Last Night in Soho is a 2021 film written and directed by Edgar Wright, an English director that I admire a lot. I saw this latest film of his a week ago and I found it one of his better made and most original films, and once again you can tell that he has a great knowledge of great movies of the past and a certain desire to pay homage to them.
Let me start from the plot. Young Ellie (Thomasin McKenzie) lives in the countryside with her grandmother (Rita Tushingam) and dreams of becoming a fashion designer. When she’s accepted by a London school she’s happy, even if the specter of her mother who committed suicide in London worries both her and her grandmother a little. In fact, Ellie literally sees her mother on multiple occasions, which immediately makes us question her mental health. Once in London, reality immediately turns out to be different from her dream, with her unbearable classmates (above all, Jocasta, played by Synnove Karlsen) who force her to go away and live alone. She finds a room in the house of an elderly lady (Diana Rigg, to whose memory the film is dedicated) and she begins to have strange visions of 1960s London…
The film thus begins almost as a comedy-drama, a sort of coming of age story of a girl obsessed with a passion for fashion and a desire to prove that she can overcome what proved fatal for her mother. Then, very gradually, the movie turns towards horror in a way that I didn’t expect at all (as always, I went to the cinema without any prior information about the film).
Ellie’s dreams that take her to fabulous 1960s London seen through the eyes of the beautiful and talented Sandy (Anya Taylor-Joy) are exceptional, and when dreams turn into nightmares they change the tone of the film entirely in a completely believable way. Finally, here’s a director who’s not afraid to talk about the past without the need to idealize it as everyone seems to want to do in the wake of this nostalgia effect that makes people regret not having lived through periods that… they don’t even know! Quite simply, in Wright’s 1960s’ London, most people had a shitty life just like in today’s London. This realization destroys Ellie, who grew up listening only to music of that period and with the desire to have lived back then.
Speaking of music, what a soundtrack! You could listen to the movie without seeing the images, even if it would be a shame because Wright (assisted by Chung-hoon Chung at the cinematography) has once again surpassed himself behind the camera. Here, he paid homage to a certain type of cinema, this time the horror of the seventies made great by directors such as Mario Bava, Dario Argento and Nicholas Roeg. All these green, red and blue lights are very reminiscent of Suspiria (1977), for example, as well as the choice of having a young female protagonist who goes through a series of misadventures. Having said that, you can also enjoy the film by ignoring all its cinematographic references, which in my opinion means that it’s just a tribute, not plagiarism or a mere nostalgia operation (see above).
And then Wright explored a theme very dear to me like that of the double (there’s a reason why I love Star Trek), with the parallels between Ellie and Sandy (and even Ellie and her mother) and a huge use of mirrors, there are mirrors everywhere in this film, and I don’t dare to imagine what a nightmare it was to shoot on sets like that (although in post production nowadays you can achieve the unthinkable).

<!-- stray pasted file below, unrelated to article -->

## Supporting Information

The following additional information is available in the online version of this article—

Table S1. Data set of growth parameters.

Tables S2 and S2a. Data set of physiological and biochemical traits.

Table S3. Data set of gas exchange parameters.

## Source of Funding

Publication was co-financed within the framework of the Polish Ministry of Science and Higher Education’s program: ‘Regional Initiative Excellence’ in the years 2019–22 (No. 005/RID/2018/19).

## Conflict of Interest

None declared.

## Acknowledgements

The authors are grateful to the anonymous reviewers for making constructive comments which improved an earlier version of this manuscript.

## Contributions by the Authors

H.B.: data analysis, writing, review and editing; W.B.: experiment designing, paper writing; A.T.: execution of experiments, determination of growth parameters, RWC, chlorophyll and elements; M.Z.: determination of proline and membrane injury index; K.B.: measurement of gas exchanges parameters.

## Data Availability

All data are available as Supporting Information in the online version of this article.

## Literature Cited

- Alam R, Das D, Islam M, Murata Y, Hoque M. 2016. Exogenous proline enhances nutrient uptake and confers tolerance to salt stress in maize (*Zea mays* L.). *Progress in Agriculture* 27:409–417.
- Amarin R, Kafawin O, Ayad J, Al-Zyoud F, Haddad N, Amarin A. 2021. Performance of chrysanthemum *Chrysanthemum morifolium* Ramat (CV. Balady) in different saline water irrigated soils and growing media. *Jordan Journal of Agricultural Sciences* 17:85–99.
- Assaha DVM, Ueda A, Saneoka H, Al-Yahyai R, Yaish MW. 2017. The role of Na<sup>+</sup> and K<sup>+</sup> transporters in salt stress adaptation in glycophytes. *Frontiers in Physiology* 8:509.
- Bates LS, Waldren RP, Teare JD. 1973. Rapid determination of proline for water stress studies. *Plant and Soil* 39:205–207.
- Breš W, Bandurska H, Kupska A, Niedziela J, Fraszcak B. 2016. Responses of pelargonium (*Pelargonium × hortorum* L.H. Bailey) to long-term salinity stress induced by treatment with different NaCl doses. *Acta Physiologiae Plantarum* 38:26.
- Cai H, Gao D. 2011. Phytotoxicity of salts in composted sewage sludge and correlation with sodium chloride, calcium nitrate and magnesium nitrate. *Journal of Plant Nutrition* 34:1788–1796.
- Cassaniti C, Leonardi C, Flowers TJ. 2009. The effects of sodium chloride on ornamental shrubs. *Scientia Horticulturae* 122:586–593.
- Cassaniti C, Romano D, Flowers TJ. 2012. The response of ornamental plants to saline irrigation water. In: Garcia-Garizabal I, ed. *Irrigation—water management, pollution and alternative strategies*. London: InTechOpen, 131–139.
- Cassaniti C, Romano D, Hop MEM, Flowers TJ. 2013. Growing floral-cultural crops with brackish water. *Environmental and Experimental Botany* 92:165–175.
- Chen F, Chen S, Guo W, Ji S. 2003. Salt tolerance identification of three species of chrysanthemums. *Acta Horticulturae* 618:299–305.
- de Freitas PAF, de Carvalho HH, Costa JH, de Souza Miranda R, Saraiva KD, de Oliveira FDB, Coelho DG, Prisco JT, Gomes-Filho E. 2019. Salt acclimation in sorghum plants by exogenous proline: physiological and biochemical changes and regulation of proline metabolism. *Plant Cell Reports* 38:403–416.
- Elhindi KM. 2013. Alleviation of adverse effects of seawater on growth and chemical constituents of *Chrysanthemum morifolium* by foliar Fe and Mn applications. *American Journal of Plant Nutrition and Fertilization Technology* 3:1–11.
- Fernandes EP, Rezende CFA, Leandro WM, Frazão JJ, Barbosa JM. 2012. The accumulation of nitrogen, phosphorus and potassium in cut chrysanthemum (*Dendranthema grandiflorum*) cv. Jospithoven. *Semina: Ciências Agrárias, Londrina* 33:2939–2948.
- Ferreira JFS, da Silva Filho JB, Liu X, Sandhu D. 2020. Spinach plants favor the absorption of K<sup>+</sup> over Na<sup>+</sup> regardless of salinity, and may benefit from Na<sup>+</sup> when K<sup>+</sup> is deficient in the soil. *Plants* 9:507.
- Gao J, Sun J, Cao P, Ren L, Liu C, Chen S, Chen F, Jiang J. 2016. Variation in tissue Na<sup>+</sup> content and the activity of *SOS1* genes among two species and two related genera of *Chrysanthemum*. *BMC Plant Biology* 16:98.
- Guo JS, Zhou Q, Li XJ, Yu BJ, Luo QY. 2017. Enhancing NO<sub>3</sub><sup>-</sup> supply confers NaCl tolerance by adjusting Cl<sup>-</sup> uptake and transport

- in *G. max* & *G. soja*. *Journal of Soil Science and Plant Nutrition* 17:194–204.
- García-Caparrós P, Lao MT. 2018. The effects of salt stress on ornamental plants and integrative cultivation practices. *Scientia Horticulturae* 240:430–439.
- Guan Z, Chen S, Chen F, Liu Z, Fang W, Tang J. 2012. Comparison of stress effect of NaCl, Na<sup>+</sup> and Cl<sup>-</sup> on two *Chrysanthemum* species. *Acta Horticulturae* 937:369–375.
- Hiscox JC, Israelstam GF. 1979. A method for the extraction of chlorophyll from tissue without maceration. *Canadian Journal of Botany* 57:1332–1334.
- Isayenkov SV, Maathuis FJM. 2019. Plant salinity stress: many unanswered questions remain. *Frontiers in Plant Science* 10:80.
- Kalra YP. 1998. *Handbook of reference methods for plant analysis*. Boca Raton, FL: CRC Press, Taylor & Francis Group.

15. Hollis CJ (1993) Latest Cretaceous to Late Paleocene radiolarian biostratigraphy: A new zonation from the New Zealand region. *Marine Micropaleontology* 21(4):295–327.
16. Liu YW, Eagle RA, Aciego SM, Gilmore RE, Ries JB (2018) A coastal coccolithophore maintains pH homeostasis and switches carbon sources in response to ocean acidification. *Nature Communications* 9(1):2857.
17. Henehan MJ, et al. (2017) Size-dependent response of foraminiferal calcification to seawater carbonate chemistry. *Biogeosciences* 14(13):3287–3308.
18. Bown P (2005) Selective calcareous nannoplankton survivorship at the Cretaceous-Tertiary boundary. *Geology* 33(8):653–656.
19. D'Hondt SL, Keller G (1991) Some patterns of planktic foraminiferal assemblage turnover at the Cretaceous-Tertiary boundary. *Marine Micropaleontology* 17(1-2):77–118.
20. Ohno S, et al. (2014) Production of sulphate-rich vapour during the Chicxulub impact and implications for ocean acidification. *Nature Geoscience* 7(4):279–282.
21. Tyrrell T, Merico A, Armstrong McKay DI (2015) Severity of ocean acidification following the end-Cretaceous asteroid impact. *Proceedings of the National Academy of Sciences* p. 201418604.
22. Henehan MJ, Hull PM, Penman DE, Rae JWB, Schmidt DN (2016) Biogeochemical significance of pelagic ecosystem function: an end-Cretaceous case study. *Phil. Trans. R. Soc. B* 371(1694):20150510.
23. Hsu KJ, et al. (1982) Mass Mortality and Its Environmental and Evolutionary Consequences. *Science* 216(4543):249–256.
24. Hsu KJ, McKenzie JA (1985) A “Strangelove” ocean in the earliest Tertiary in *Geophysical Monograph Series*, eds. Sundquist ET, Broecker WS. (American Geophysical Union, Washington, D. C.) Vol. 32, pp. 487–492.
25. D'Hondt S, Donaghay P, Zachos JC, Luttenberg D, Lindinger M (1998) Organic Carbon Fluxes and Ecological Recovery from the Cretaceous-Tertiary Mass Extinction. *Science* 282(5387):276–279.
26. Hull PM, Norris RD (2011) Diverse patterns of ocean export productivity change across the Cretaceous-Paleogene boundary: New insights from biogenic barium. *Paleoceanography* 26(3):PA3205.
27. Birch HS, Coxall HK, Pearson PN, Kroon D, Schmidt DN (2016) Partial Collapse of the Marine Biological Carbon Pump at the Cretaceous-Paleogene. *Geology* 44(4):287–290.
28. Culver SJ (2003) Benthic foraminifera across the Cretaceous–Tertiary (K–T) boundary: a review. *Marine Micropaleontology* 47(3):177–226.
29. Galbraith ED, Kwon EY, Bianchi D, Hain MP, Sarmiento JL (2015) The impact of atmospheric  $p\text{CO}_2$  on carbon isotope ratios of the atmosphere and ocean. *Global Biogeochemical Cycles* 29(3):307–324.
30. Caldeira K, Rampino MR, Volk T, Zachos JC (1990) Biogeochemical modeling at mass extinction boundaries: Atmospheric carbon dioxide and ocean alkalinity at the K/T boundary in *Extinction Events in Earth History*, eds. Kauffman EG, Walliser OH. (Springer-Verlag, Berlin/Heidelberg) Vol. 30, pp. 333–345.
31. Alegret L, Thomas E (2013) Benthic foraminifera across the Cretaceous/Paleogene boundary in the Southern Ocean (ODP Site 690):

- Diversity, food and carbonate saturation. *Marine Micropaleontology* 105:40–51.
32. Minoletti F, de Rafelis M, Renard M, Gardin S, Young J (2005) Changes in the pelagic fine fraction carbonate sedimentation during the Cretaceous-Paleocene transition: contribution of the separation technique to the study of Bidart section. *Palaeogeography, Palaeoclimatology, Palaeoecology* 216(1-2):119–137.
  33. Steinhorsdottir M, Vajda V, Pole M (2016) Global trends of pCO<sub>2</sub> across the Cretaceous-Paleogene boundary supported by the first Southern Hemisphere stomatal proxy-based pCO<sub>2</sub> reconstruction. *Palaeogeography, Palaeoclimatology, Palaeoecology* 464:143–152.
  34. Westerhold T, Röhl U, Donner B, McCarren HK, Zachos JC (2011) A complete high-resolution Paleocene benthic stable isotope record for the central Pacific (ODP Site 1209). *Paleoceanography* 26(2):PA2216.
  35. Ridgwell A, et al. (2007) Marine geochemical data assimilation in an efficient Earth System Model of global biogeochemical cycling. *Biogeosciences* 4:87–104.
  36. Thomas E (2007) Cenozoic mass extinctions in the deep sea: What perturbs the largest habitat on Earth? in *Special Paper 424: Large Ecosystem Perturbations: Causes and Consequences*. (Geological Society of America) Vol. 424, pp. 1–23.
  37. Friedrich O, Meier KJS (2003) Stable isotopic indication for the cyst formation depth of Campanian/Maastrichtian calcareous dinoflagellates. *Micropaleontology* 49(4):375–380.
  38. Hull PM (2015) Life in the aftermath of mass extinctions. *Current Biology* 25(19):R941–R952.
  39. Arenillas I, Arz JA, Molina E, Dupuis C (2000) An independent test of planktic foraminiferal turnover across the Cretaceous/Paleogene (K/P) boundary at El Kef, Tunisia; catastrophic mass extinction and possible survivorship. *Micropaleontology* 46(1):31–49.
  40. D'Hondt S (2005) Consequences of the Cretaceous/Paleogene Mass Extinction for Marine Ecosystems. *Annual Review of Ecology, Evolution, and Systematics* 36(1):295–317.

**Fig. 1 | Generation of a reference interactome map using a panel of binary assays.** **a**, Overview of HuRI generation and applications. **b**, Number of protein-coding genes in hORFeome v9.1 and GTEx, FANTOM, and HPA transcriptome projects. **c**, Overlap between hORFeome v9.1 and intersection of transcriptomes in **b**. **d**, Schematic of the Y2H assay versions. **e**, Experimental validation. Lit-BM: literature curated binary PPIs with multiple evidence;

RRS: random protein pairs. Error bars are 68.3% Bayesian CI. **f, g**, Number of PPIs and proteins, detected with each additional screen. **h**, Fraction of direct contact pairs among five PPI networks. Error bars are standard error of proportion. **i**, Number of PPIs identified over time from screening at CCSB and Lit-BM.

In short, for me Last Night in Soho is a very successful film that even when it seems to settle on existing narrative clichés then overturns them. It also makes courageous choices like having the protagonist side with the person who wants to kill her because she knows the reasons behind the behavior of the latter. It’s a very feminine film, therefore, and naturally so, not to ride a trend or to respect the usual minority quotas of Disney and Marvel films. Compared to the director’s previous works, the pace is much less frenzied but the style is absolutely recognizable from the very first minute.
The only flaws I found in this film are minimal and have to do with small plot twists that I would have avoided (could Ellie not have asked someone in the pub for the name of the old man played by Terence Stamp? How could John, Michael Ajao, still want to go out with Ellie after the misadventure in the bedroom? Was the final explanation really necessary? I hate this type of explanations!). But nothing of that spoiled my experience, of course! I would recommend anyone to go and see Last Night in Soho, especially in a cinema to fully enjoy the music and images of London as splendid as it is cruel. Ciao!
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3 risposte a "Last Night in Soho: Movie Review"
Good review! I admire Wright for attempting this film. It’s very bold. There are a lot of positives here, which you point out – The music, the cinematography. The double (Doppelgänger) motif which is a staple of the psychological thriller genre…
However, the plot twist completely deflated my emotions, and my sympathies for every character. By the time the killer becomes the victim, I just didn’t know who to cheer for anymore.
At the risk of sounding misogynistic, I think the feminine spin might just be the reason This movie doesn’t work for me. But I’m not certain. I definitely need to see it again!
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Thank you, you’re very kind! You’re not the first to say that the finale/second part of the movie is inferior to the first one. Personally, I loved it all the way through, although I see why many were disappointed after the change of tone (and few things can match the gorgeous first part of the movie with its trip to 60s’ London!).
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